Am I to assume that all these boats have gotten from Gibralter to Australia without encountering a single storm? Well, that would be very simple minded of me. If you have the same assumption, the result would obviously be the same.
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Old 02-08-2008, 05:46   #49
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If it were me, I'd be wondering whether a heavier displacement hull with a full keel would be a better choice for a circunmavigation with what I suspect will be a short handed crew.

I think tracking ability and stability would be greatly enhanced. This translates into increased comfort and ease of control, both of which are decidedly important on long passages.

No mention is made of a wind powered self-steerer. Relying on an electrically powered auto-pilot can be chancy. If there is a power failure that cannot be cured at sea, full time manual steering to the next port of call can be a drag.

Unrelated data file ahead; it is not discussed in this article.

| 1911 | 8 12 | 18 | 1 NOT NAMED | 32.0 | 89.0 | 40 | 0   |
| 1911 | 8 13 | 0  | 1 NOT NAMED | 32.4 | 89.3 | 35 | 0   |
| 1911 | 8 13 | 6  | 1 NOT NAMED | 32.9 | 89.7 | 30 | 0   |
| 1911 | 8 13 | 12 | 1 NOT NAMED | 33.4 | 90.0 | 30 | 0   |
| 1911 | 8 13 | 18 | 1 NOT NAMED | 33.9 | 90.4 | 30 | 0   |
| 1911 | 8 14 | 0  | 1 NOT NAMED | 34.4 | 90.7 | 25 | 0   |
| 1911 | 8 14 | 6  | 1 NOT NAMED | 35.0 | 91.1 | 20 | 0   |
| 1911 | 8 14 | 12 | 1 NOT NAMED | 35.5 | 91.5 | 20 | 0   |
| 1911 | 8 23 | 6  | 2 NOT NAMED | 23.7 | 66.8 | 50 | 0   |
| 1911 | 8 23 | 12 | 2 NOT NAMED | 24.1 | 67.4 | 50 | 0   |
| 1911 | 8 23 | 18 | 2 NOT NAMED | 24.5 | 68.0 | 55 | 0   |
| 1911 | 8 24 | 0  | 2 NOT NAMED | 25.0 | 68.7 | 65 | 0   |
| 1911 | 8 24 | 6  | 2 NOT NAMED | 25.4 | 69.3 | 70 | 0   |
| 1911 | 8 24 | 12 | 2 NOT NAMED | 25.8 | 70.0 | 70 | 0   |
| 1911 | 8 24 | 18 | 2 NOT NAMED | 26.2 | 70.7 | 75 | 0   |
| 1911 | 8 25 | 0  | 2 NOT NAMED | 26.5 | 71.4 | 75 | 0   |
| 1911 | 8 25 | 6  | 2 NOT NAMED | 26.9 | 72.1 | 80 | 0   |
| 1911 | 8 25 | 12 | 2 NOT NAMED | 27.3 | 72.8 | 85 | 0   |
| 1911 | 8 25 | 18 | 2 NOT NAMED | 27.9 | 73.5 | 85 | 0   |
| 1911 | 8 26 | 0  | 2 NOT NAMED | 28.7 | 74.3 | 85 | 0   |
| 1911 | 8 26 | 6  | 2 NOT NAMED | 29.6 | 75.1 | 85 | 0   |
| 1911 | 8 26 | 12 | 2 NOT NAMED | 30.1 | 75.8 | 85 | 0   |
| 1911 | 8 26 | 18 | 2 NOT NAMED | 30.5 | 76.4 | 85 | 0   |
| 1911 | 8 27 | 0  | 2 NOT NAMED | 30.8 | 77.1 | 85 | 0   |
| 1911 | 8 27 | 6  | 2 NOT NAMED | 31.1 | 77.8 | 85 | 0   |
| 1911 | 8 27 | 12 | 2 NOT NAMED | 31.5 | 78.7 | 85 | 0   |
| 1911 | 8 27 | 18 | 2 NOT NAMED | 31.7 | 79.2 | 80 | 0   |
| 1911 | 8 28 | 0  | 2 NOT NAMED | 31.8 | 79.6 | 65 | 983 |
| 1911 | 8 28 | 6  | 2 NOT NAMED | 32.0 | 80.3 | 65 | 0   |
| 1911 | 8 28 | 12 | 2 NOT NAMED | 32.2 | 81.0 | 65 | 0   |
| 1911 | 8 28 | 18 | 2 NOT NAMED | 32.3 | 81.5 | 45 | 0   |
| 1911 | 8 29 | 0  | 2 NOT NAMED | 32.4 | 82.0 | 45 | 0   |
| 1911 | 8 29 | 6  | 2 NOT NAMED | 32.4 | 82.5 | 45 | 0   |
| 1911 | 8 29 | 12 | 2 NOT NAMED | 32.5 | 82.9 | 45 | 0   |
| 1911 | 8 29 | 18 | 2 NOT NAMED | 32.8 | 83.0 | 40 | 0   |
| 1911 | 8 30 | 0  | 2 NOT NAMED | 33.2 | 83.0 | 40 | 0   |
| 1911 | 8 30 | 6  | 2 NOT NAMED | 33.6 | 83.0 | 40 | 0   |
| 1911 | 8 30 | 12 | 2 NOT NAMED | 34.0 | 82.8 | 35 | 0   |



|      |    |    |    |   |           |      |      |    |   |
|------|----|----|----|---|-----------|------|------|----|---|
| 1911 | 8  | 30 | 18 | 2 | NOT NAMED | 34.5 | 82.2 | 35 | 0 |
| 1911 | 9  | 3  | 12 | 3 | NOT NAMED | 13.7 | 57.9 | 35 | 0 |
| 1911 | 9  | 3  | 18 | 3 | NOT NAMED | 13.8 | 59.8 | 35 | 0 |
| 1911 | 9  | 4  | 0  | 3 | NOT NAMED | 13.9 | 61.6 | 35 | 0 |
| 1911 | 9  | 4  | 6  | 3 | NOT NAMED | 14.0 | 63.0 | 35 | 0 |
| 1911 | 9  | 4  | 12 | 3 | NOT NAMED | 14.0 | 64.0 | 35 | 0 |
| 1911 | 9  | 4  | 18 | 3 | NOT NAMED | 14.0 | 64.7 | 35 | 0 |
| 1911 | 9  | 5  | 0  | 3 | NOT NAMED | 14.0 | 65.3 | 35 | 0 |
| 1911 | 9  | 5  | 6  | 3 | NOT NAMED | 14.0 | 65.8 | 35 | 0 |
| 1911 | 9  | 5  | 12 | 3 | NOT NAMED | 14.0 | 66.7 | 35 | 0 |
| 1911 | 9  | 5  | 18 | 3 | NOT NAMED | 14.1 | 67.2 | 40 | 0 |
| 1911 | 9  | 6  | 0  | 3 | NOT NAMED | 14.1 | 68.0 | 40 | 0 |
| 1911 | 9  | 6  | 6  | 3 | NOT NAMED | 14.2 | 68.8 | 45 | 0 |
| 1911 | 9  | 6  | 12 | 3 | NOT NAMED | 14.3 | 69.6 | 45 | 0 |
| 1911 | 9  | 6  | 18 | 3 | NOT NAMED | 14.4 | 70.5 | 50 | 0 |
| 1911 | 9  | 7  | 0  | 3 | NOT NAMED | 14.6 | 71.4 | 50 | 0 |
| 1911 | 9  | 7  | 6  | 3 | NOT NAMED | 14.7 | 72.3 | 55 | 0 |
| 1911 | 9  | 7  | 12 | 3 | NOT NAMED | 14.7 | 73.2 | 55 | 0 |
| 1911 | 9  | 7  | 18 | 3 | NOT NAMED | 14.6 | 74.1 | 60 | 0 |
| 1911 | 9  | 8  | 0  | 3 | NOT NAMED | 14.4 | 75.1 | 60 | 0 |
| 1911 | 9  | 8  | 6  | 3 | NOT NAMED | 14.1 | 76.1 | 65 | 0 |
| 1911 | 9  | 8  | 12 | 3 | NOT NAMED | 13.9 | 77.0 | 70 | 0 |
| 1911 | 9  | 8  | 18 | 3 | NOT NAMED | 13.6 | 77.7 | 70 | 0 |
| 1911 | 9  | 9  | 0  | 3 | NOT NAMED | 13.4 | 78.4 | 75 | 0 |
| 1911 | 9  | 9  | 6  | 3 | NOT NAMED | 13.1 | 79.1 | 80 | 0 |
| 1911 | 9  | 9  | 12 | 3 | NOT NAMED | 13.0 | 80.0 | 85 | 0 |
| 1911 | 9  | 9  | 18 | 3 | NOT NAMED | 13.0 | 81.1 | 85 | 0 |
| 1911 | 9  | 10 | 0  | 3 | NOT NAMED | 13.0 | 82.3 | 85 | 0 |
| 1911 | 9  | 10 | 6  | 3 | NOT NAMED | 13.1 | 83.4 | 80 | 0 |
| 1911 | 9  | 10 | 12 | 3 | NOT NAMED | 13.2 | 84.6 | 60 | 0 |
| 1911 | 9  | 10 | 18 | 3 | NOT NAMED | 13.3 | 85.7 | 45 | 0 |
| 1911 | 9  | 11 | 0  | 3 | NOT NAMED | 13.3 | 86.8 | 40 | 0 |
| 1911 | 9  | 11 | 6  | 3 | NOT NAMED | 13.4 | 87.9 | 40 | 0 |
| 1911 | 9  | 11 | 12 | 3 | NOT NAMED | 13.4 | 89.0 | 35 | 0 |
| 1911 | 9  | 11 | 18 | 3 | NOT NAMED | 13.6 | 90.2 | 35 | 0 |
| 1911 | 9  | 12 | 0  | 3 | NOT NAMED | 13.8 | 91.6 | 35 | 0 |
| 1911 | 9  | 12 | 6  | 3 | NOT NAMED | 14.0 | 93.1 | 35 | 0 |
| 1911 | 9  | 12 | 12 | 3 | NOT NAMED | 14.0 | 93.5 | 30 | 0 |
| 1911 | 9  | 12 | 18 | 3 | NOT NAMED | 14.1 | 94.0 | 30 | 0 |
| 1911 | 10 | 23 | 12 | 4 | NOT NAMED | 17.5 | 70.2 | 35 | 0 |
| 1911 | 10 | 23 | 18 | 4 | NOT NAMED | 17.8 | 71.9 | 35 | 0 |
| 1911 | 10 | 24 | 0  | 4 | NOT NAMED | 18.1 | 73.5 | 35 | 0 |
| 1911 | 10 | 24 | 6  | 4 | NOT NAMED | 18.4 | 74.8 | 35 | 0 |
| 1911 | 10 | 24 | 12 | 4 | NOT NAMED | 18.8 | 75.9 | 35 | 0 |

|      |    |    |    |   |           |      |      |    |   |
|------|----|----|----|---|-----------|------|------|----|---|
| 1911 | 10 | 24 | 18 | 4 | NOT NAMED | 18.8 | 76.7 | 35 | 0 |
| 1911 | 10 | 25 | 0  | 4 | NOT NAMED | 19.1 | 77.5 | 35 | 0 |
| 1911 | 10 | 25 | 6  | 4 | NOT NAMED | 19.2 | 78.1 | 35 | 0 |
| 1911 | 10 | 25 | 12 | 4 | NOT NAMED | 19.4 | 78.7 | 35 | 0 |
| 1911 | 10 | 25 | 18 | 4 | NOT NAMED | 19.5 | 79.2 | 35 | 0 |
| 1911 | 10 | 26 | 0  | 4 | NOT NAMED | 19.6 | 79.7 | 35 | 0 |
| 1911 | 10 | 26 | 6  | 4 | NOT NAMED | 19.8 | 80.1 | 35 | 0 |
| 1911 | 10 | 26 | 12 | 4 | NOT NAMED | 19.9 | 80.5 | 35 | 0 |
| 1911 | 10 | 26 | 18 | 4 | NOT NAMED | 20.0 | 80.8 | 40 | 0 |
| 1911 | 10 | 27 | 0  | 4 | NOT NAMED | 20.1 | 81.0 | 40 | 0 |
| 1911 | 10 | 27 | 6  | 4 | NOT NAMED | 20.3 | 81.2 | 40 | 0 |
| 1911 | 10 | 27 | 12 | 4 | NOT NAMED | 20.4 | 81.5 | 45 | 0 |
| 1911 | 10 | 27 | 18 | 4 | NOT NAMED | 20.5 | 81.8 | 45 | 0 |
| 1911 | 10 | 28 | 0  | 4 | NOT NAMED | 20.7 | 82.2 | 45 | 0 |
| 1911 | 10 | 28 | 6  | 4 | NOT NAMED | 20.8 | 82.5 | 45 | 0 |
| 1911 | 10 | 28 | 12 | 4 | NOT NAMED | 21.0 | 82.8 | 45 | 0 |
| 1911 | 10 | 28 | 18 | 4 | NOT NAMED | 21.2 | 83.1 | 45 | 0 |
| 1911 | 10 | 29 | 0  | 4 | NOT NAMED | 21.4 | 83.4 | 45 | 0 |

Why not like this...
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Old 02-08-2008, 05:59   #50
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The delivery captains I spoke had to bring the boats from one place to another regardles of the wheater. And that scared them. Not only that but I only met a one that had to abondon their delivery (Rhodes) because they had to many things broken on a new(!) boat. The same happened coming across a Lagoon to be delivered in Maledives. Egypt, end of story.
Mass production delivers generally good products if they don't go low on quality under the pressure of the competetion. And that is something you can clearly see. Take any locker or door that feels like paper, look at the new first 50 where the running blocks are so small that I doubt if anyone has ever been to sea at that factory. Yes, it can be good but in the Bene-Jeanneau-bav range I have serious doubts.
For anyone who ownes one, fine. Go ahead, help yourself. And for all, good luck! It's just not my cup of tea
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Old 02-08-2008, 06:18   #51